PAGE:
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Originally posted by donlashway
reply to post by Montana
Well, there is a photo in the news report showing the tank cars, lead two fine, all behind stacked up. Looks like they were going into that industrial siding. As I said first two fine, no damage strait on siding track, what if there was a track blocker that way that stopped them? Cars not all smashed up, just side ways all stacked up, perpendicular to track, so not going very fast.
News report says last 13 cars were pulled back away from the fire, again it wasn't going fast.
Three or more tracks there; industrial siding, side storage siding (small yard) and main line. The two intact cars on far left rails ( in direction of travel south); the industrial siding.
Originally posted by aboutface
I've heard three people say it was going a lot faster than usual, some guessing at 60 mph.
I'm wondering about the car that's lying on top of the others, whether the force of the explosion did that or what? See this photo.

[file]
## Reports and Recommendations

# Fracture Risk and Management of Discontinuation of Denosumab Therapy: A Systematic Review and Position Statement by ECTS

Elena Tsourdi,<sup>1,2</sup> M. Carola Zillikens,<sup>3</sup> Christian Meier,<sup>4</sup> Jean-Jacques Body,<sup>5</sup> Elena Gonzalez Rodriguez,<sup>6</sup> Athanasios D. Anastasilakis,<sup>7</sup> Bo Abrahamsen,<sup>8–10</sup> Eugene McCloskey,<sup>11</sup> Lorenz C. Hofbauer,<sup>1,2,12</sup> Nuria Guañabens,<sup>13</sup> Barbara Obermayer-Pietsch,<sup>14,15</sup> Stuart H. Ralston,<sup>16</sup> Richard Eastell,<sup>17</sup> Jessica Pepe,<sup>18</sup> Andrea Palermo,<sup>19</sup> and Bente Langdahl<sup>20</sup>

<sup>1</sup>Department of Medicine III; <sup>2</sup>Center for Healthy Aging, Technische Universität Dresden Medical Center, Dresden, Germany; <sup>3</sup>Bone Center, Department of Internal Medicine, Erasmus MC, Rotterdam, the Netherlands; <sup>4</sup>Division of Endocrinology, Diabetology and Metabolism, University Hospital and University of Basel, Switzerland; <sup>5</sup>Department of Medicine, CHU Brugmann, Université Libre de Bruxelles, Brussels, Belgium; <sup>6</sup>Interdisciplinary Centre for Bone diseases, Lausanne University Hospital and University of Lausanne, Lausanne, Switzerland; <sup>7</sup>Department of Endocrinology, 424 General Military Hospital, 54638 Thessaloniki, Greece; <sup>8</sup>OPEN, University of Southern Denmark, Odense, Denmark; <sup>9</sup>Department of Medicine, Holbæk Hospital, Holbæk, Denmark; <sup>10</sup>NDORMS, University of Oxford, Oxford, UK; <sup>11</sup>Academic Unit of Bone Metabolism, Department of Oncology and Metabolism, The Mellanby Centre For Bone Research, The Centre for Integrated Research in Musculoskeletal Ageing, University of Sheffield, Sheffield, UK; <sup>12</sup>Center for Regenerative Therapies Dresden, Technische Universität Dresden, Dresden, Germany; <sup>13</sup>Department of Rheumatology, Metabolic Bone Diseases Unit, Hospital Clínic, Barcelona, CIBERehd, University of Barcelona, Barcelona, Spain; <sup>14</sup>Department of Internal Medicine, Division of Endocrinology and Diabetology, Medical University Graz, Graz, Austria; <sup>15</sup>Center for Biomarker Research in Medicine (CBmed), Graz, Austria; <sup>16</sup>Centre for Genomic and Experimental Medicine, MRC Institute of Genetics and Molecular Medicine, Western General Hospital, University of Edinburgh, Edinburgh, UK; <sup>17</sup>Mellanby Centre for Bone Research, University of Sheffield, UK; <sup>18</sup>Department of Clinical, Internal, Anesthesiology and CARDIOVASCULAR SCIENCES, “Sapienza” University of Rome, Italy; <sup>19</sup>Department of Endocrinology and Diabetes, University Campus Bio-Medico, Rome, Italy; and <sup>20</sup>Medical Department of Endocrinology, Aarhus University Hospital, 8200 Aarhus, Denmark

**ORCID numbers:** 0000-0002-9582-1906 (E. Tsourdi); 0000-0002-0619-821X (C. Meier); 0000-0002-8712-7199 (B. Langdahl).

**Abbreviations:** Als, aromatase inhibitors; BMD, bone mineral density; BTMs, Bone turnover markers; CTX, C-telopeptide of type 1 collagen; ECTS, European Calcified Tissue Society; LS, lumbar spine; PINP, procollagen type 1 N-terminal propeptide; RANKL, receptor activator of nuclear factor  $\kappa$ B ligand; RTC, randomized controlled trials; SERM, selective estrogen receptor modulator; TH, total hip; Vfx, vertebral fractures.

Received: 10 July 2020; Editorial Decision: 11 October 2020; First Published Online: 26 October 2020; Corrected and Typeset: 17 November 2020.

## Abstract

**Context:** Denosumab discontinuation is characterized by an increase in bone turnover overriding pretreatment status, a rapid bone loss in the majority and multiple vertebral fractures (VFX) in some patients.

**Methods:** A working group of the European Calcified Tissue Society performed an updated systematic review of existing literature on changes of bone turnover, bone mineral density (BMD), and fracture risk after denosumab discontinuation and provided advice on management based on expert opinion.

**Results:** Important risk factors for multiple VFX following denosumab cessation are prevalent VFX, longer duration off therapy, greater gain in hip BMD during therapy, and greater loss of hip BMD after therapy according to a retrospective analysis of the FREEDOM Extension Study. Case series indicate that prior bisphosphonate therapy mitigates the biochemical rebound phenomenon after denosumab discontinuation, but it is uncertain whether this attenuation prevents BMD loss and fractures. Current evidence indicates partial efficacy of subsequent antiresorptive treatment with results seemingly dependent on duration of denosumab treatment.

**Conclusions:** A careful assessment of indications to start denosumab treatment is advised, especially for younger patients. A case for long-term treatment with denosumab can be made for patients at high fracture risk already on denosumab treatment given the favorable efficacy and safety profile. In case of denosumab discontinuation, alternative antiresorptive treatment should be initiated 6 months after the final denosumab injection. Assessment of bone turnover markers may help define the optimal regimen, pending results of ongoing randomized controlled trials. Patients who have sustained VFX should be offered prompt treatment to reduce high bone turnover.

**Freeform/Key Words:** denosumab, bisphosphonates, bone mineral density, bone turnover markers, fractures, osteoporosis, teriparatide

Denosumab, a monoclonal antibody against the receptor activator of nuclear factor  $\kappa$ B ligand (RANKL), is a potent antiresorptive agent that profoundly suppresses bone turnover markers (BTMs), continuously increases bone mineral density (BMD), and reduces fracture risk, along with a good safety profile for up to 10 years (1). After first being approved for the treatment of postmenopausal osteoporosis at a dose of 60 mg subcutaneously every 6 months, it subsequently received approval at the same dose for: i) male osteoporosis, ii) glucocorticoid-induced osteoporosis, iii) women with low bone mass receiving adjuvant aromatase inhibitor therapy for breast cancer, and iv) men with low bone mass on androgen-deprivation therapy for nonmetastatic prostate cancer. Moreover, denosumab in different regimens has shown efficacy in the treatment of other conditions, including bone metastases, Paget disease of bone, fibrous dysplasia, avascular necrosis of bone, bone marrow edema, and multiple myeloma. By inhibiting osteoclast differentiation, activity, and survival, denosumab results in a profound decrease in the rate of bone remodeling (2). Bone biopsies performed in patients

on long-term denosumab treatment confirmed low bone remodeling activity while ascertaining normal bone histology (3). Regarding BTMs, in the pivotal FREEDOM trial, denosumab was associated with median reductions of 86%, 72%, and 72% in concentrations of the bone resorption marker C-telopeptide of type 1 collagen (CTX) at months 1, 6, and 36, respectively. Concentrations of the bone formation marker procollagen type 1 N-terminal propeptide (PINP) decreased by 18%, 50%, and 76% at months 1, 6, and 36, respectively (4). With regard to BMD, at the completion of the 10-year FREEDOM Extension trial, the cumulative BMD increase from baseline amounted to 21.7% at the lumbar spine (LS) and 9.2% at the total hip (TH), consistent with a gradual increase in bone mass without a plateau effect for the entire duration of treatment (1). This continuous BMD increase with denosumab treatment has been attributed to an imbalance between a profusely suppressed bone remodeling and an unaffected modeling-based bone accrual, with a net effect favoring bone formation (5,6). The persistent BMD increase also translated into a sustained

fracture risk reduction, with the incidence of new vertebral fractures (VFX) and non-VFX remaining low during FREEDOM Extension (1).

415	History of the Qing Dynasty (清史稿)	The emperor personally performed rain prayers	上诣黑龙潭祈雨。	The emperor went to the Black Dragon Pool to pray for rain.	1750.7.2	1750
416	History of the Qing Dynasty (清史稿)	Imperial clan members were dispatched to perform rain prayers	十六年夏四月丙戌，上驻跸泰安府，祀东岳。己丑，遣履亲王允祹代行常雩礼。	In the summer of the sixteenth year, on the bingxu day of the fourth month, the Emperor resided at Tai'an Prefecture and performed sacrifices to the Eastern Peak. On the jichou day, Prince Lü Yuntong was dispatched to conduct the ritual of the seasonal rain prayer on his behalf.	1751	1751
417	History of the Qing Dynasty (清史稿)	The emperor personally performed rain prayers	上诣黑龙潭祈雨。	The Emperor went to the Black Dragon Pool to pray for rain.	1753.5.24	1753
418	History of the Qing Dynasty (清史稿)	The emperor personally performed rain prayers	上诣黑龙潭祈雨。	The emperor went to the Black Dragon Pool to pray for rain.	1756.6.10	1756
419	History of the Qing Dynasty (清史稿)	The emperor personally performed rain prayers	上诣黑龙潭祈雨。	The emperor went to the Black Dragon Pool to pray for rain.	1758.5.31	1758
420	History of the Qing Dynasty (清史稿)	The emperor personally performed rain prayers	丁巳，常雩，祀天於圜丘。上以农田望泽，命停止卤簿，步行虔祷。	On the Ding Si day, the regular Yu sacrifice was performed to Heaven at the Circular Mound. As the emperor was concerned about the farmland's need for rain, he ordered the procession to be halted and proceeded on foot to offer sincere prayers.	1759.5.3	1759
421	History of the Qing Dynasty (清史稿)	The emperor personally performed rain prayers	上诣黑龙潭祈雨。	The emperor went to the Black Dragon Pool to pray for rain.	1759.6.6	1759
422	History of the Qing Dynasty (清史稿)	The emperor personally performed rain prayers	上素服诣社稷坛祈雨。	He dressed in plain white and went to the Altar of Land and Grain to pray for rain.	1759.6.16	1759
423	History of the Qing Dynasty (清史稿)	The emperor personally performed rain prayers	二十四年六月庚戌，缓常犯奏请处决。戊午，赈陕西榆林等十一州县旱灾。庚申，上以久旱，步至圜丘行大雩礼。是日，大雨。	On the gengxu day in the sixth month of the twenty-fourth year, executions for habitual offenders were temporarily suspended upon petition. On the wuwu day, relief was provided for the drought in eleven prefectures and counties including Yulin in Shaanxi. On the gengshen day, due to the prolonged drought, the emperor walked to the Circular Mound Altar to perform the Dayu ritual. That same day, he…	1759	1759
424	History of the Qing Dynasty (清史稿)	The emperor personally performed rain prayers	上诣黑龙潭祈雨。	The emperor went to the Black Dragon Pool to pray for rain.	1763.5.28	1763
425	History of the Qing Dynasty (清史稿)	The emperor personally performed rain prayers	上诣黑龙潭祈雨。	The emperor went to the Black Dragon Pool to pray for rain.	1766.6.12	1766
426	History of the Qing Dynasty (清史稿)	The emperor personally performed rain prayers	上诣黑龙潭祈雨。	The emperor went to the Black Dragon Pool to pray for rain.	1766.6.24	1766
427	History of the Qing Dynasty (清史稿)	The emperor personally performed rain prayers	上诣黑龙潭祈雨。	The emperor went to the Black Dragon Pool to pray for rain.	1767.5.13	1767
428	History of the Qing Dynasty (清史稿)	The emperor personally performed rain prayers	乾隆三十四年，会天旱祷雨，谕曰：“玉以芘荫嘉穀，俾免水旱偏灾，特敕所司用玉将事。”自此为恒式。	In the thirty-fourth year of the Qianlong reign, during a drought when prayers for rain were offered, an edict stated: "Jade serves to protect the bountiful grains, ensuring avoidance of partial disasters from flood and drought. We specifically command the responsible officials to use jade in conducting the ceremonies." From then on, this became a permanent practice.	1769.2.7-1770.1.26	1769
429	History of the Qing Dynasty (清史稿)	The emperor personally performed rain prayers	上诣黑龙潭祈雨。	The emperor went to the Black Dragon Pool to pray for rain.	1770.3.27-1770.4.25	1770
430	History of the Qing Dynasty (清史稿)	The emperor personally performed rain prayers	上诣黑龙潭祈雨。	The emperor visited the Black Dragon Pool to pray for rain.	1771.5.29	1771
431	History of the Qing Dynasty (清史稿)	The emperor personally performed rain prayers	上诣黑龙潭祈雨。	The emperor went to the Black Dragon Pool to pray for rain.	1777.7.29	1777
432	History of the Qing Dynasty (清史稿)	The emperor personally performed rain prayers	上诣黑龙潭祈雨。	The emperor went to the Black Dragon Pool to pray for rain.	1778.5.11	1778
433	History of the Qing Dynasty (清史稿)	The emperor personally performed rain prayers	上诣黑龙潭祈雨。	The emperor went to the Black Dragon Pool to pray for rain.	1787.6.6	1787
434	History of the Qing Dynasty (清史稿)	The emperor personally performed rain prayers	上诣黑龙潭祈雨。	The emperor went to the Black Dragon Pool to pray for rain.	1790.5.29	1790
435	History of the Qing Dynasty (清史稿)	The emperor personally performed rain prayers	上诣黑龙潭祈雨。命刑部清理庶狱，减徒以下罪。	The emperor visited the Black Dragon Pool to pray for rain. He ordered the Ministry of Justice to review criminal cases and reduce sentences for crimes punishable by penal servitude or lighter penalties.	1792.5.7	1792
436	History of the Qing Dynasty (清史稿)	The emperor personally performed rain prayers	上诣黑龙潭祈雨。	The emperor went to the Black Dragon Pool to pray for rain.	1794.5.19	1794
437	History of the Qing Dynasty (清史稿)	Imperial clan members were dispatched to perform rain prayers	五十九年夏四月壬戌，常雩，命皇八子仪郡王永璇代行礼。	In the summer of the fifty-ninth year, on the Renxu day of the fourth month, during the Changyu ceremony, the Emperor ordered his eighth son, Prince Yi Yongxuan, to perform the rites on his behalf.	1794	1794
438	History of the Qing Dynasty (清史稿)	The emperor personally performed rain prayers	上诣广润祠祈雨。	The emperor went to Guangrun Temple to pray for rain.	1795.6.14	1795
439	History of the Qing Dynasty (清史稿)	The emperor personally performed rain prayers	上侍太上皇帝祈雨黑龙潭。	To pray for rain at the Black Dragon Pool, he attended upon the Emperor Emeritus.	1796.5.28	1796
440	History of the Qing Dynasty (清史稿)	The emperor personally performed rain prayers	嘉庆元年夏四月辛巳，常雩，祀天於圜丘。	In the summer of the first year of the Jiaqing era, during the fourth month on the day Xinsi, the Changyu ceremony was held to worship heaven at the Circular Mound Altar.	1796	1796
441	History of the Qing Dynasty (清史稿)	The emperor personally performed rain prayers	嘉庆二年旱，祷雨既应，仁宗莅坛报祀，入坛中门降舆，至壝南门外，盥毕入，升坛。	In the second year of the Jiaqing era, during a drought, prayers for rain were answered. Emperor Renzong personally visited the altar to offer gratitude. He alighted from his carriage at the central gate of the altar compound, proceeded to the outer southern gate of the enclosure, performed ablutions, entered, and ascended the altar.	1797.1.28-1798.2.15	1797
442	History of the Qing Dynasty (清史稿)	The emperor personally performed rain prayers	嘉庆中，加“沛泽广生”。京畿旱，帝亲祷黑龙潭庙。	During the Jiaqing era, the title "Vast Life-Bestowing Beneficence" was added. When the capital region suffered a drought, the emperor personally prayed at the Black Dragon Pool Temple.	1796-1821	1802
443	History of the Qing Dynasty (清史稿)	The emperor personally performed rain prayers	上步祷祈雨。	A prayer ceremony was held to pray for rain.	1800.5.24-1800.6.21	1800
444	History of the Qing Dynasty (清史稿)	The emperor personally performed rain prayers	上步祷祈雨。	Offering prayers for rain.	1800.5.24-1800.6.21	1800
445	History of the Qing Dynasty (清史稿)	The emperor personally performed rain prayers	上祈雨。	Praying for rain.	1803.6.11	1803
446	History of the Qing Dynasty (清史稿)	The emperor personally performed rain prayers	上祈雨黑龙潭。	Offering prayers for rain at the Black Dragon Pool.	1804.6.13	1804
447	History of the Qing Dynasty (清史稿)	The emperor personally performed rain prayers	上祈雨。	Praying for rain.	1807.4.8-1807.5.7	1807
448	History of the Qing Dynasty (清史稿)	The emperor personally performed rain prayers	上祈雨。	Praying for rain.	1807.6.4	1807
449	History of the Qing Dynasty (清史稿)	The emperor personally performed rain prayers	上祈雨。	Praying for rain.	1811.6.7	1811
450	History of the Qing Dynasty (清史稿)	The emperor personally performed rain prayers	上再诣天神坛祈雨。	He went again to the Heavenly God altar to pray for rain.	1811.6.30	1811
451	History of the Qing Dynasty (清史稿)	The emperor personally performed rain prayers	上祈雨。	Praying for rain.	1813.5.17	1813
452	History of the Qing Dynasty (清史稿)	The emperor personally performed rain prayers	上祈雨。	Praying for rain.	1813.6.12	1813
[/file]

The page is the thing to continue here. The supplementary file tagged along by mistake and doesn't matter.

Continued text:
Scalia plans to come to work for parts of next week, when he is supposed to be vacationing, to ensure that the locomotive rebuilding project stays on schedule. Three of the locomotives will be additions to the company’s stock. They’re not new machines, but new enough: General Electric C 39-8s built in 1986 that the company bought and will have rebuilt with reconditioned engines, generators and other key components, Grindrod said. The rest will be older models that the freight company took out of circulation when they broke down, Grindrod said. Scalia also has to work on finding more workers. The company has rehired all of the people available now who were laid off from MM&A years ago. The rest still in the area work for other rail companies or have left the industry, he said. The training of new workers can take up to three years to complete, and Scalia worries that the company’s workload might leave the company scrambling for experienced help.